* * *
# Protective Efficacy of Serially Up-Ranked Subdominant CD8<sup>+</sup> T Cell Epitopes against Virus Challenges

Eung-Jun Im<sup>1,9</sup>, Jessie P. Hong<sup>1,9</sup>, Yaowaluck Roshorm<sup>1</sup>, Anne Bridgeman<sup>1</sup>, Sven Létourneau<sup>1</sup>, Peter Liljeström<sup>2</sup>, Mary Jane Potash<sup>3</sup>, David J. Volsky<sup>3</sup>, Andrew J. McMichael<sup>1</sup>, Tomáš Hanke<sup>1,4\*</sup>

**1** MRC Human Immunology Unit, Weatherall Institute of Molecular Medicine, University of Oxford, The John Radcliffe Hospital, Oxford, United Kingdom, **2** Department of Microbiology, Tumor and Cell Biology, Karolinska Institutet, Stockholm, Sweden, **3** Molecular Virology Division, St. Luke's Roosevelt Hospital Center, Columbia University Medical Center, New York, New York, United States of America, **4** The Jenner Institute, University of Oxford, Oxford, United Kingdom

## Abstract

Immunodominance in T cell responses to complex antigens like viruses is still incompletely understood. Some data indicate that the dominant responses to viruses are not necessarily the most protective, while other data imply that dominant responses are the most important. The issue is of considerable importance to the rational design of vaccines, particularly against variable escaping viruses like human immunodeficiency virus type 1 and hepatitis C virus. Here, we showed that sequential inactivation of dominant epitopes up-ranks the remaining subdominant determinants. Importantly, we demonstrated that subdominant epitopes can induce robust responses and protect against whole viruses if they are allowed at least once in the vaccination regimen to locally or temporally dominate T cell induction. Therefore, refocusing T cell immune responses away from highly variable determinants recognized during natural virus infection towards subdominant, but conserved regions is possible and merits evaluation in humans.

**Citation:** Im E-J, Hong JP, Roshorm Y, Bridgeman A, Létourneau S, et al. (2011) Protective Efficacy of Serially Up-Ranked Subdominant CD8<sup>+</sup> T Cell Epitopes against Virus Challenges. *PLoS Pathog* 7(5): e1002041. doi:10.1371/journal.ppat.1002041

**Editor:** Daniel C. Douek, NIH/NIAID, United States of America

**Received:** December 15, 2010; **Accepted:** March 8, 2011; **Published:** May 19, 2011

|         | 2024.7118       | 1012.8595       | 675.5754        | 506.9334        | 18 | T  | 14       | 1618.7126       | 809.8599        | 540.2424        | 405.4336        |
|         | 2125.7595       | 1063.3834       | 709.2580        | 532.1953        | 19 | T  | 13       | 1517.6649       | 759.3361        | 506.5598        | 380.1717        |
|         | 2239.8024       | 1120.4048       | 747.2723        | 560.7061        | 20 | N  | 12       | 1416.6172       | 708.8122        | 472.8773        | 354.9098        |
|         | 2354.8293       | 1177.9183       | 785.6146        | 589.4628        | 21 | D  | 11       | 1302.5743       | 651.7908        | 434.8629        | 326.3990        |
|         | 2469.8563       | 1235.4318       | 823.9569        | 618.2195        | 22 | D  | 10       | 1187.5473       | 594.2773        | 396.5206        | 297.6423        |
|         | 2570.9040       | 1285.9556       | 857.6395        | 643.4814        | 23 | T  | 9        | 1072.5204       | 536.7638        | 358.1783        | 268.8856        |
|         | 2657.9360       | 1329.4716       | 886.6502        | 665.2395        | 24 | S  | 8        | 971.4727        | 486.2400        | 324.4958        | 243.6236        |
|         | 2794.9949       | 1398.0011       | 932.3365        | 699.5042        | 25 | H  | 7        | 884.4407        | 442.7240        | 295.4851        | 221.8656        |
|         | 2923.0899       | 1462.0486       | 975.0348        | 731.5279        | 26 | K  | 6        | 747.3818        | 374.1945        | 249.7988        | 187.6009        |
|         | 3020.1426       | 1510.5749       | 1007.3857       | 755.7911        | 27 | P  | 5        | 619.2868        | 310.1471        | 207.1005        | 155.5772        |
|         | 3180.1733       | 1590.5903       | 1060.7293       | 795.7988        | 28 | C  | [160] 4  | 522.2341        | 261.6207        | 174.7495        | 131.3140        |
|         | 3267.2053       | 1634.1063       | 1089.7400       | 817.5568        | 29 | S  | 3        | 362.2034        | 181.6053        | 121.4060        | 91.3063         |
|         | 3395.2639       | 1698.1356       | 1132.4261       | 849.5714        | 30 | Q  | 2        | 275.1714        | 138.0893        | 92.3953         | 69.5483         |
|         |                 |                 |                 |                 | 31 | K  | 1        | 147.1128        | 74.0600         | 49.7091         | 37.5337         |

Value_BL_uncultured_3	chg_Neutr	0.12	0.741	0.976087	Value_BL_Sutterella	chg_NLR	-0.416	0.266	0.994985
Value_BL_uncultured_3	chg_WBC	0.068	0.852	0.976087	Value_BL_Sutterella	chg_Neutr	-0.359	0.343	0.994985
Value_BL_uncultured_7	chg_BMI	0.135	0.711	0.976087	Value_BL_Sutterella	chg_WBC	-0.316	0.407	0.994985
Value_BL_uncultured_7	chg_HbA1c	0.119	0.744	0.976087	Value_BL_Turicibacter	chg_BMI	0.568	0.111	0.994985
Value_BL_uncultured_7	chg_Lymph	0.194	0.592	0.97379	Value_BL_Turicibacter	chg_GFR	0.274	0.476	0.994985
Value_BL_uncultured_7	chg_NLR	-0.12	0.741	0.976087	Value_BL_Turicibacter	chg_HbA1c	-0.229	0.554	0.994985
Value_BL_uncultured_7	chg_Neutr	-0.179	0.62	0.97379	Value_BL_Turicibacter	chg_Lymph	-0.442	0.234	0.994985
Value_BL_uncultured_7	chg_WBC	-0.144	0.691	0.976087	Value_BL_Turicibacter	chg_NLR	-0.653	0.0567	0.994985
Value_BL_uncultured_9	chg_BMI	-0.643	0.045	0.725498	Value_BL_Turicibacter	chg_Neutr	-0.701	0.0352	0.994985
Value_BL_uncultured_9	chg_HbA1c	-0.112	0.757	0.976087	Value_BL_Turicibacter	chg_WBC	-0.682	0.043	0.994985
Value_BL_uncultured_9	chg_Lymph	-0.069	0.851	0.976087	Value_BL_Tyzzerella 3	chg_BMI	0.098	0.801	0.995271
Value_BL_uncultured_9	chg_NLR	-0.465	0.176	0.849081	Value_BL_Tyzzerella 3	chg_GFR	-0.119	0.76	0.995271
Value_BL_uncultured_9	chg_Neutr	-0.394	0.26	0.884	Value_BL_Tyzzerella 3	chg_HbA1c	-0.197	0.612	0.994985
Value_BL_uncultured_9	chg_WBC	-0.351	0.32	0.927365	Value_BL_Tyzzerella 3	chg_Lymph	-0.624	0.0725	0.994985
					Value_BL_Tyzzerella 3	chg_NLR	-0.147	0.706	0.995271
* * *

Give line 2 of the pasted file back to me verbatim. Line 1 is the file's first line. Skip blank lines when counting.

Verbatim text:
Eung-Jun Im<sup>1,9</sup>, Jessie P. Hong<sup>1,9</sup>, Yaowaluck Roshorm<sup>1</sup>, Anne Bridgeman<sup>1</sup>, Sven Létourneau<sup>1</sup>, Peter Liljeström<sup>2</sup>, Mary Jane Potash<sup>3</sup>, David J. Volsky<sup>3</sup>, Andrew J. McMichael<sup>1</sup>, Tomáš Hanke<sup>1,4\*</sup>